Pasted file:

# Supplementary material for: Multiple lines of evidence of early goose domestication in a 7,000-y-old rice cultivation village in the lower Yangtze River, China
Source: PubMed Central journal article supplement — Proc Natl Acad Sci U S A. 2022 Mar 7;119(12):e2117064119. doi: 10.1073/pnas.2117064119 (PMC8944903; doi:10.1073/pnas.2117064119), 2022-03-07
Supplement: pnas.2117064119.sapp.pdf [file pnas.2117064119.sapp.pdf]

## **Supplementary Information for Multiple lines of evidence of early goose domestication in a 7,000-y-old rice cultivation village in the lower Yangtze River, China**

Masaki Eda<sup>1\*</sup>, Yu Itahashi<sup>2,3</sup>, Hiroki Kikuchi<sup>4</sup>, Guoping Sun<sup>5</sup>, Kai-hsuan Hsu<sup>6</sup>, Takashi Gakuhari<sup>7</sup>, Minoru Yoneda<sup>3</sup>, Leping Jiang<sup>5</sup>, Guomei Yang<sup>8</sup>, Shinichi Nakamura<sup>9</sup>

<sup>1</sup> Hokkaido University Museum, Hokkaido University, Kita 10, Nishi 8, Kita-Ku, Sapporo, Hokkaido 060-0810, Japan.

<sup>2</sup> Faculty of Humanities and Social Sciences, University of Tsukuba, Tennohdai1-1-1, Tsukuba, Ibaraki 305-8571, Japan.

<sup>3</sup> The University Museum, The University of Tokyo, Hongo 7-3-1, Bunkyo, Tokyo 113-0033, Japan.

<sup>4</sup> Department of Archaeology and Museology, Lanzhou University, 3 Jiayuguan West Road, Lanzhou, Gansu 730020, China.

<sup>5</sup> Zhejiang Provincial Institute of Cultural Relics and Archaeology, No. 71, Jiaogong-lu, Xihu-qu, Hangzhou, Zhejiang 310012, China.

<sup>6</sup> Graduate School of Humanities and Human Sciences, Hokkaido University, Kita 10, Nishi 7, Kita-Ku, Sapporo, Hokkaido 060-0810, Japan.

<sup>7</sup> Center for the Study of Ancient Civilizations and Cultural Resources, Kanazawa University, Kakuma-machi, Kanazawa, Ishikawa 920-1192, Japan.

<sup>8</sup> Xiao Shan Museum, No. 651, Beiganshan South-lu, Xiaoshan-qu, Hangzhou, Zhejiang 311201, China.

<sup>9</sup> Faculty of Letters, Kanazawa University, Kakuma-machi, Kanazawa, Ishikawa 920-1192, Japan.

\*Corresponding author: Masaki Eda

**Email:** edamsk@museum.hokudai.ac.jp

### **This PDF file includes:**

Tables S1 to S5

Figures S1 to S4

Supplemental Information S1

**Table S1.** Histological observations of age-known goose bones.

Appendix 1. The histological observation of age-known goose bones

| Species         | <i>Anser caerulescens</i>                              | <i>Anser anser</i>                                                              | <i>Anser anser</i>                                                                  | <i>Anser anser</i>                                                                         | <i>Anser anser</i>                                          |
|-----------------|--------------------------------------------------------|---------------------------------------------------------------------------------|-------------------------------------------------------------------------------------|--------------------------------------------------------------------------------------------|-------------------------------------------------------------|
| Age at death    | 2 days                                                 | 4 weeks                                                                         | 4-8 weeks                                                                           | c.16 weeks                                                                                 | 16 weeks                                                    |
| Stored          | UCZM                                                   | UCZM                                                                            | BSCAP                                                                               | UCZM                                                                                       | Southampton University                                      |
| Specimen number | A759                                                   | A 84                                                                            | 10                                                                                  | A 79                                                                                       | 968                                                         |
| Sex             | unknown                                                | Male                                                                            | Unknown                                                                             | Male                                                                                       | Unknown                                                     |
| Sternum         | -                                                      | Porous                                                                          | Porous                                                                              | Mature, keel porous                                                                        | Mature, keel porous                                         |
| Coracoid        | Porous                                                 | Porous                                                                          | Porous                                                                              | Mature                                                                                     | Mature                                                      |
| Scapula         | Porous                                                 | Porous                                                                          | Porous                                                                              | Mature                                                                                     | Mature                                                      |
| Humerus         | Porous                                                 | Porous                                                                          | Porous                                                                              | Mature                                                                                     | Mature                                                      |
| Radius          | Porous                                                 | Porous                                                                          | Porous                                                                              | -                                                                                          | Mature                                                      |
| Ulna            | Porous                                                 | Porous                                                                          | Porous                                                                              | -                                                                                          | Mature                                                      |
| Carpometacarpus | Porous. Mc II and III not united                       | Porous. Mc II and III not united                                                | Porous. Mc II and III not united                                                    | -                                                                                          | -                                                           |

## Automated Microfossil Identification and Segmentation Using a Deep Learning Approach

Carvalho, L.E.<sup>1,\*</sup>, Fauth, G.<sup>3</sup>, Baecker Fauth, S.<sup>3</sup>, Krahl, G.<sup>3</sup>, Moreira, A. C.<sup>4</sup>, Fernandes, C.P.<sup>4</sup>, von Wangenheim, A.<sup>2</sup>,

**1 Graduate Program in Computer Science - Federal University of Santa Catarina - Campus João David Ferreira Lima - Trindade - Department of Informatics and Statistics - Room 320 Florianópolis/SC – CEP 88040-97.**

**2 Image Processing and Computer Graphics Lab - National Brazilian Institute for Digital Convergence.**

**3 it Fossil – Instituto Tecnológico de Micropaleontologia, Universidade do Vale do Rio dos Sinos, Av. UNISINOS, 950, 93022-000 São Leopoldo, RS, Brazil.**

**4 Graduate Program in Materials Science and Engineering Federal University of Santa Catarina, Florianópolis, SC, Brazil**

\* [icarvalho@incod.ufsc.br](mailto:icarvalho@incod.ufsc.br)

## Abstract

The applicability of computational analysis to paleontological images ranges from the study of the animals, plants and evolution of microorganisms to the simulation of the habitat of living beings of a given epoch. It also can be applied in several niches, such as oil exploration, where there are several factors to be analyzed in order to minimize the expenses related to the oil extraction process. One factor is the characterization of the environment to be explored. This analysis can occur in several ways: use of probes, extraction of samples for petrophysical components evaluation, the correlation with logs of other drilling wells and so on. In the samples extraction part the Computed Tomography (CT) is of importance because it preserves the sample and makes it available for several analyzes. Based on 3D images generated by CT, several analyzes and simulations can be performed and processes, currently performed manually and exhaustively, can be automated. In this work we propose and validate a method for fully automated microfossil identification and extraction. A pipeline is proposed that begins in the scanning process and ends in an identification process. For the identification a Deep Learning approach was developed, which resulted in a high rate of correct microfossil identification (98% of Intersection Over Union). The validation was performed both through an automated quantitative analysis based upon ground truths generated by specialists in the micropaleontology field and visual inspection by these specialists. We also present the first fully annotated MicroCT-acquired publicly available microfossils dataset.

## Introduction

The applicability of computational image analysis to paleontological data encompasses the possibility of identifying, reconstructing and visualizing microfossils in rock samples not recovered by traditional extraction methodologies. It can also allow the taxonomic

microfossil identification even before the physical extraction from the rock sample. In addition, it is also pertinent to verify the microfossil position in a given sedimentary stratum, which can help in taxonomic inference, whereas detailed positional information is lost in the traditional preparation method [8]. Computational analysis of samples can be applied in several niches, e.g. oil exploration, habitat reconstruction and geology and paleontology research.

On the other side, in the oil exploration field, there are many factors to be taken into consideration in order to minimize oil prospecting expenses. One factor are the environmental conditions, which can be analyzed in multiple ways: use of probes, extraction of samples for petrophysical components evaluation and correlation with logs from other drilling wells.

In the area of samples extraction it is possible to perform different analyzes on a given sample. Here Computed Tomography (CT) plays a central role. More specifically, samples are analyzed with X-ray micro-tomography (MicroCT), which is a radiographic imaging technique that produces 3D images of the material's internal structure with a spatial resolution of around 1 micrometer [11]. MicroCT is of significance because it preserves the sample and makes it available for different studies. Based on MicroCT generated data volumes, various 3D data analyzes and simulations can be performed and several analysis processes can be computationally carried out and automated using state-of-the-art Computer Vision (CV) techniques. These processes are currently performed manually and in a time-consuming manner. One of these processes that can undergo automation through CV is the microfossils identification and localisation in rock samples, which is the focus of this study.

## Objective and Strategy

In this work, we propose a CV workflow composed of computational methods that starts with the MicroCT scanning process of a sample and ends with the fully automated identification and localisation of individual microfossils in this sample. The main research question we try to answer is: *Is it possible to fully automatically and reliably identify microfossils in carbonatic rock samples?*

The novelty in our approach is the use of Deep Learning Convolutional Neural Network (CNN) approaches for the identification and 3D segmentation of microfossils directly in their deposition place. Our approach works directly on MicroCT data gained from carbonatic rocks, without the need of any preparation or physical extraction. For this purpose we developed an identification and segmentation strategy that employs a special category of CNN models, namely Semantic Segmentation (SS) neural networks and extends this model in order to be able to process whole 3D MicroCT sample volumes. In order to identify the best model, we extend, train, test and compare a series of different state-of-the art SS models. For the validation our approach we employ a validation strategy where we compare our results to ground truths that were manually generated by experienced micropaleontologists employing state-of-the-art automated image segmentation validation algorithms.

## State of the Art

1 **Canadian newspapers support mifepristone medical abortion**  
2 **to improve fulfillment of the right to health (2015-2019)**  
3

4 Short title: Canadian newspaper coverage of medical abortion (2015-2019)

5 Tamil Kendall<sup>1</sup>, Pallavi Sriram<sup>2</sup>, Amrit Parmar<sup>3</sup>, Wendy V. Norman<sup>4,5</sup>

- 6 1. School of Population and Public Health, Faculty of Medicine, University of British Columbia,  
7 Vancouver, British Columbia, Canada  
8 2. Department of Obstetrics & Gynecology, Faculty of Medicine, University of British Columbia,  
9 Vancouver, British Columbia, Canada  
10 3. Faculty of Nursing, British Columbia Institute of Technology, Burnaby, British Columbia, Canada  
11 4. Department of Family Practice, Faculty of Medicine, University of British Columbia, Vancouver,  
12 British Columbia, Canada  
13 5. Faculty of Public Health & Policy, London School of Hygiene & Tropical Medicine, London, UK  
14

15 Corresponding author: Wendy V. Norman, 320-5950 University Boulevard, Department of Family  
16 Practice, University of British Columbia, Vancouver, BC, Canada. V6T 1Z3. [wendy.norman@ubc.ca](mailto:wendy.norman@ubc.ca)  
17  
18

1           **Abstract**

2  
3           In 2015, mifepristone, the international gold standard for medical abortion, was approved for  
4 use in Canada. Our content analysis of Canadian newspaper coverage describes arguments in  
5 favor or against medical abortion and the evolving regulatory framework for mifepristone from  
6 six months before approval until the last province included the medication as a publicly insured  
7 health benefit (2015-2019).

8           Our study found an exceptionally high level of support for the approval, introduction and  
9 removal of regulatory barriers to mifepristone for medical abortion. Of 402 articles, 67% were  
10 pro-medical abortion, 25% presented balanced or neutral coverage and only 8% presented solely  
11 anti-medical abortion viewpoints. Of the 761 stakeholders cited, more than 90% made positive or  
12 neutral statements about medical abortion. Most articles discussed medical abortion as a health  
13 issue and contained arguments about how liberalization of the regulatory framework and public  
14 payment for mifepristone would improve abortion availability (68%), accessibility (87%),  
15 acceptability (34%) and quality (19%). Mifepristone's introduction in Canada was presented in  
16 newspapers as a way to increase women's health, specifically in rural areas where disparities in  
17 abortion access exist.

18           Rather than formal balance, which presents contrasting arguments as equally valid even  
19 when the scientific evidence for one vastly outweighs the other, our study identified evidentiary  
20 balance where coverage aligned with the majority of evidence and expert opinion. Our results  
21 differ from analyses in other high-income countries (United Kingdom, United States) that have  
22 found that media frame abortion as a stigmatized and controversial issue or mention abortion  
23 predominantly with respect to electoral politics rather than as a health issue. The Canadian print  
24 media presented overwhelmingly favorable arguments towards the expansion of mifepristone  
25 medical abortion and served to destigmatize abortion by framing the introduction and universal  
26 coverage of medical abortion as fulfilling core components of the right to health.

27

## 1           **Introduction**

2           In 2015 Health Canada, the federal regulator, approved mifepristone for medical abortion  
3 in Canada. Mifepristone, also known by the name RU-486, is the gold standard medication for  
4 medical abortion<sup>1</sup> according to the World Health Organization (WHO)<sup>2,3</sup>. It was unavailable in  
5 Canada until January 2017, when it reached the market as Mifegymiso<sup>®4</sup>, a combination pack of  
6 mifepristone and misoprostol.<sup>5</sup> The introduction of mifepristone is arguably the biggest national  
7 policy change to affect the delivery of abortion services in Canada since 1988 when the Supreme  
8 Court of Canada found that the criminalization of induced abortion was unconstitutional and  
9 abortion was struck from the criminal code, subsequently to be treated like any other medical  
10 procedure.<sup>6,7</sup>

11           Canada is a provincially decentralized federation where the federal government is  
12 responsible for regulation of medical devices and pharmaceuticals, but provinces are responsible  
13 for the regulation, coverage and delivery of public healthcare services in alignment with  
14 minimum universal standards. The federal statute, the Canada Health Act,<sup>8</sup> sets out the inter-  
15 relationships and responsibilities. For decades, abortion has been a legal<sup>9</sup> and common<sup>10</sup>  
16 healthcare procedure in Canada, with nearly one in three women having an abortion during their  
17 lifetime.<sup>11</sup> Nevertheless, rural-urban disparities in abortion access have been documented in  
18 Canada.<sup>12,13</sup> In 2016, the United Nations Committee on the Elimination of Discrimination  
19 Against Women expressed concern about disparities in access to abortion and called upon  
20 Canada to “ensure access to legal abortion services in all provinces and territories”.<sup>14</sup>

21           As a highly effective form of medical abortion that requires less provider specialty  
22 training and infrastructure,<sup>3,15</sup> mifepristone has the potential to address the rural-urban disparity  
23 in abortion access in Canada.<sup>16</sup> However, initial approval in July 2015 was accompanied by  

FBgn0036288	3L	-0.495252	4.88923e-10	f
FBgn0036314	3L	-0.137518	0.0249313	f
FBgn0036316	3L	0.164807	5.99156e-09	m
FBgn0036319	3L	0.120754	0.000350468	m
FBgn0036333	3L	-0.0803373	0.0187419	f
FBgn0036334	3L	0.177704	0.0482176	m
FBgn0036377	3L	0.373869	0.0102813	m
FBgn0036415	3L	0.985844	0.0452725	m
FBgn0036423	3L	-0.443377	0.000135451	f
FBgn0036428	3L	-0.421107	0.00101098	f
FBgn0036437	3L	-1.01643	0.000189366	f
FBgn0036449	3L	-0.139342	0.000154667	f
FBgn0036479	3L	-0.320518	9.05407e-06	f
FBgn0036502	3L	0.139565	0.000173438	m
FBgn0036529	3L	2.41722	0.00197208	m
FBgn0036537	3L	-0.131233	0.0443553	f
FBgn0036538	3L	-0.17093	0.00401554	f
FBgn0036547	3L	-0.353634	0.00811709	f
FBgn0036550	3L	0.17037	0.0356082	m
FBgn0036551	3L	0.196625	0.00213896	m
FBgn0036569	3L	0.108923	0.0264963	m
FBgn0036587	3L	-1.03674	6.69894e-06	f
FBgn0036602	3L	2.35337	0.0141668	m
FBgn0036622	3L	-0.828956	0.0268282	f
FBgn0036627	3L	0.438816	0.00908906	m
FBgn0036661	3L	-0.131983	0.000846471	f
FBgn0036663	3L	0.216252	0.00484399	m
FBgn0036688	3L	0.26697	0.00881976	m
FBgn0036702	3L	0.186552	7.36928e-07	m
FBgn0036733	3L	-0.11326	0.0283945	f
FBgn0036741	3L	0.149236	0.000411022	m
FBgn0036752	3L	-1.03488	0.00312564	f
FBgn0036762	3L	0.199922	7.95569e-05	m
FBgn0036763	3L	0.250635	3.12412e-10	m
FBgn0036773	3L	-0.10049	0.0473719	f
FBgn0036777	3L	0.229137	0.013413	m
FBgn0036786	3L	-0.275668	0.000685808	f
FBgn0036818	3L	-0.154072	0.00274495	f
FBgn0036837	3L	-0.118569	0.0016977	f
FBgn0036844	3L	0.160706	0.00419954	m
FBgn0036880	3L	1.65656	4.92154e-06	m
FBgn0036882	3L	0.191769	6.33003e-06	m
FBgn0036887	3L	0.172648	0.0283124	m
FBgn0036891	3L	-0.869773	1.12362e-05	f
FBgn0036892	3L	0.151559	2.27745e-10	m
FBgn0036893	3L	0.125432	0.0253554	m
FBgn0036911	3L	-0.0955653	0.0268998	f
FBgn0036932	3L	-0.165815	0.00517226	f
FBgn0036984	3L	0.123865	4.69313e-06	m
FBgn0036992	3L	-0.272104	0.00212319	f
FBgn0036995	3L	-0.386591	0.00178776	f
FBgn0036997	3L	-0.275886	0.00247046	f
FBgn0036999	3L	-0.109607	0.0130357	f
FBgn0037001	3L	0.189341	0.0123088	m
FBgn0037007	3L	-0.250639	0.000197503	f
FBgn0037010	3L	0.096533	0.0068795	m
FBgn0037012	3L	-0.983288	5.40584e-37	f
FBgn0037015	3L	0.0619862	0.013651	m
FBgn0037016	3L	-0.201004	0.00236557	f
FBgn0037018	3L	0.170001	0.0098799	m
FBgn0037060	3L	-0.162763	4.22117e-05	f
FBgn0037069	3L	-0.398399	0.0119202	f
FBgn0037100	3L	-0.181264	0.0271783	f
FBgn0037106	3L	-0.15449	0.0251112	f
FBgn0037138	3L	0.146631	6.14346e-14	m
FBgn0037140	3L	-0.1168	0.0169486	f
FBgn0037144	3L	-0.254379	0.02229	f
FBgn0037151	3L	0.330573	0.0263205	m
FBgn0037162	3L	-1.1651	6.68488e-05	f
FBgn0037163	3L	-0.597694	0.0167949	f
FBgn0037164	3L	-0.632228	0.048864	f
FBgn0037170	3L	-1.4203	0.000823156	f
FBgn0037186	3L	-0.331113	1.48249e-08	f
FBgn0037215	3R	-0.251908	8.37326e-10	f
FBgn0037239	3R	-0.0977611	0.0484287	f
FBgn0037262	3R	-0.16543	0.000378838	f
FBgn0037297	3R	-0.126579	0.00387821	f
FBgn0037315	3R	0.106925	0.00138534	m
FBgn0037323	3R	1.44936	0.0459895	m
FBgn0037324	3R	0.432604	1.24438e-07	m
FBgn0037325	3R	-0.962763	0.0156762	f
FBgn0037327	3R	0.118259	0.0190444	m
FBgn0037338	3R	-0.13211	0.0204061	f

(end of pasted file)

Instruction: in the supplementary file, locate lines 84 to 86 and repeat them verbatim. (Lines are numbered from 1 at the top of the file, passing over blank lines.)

13 issue and contained arguments about how liberalization of the regulatory framework and public  
14 payment for mifepristone would improve abortion availability (68%), accessibility (87%),  
15 acceptability (34%) and quality (19%). Mifepristone's introduction in Canada was presented in  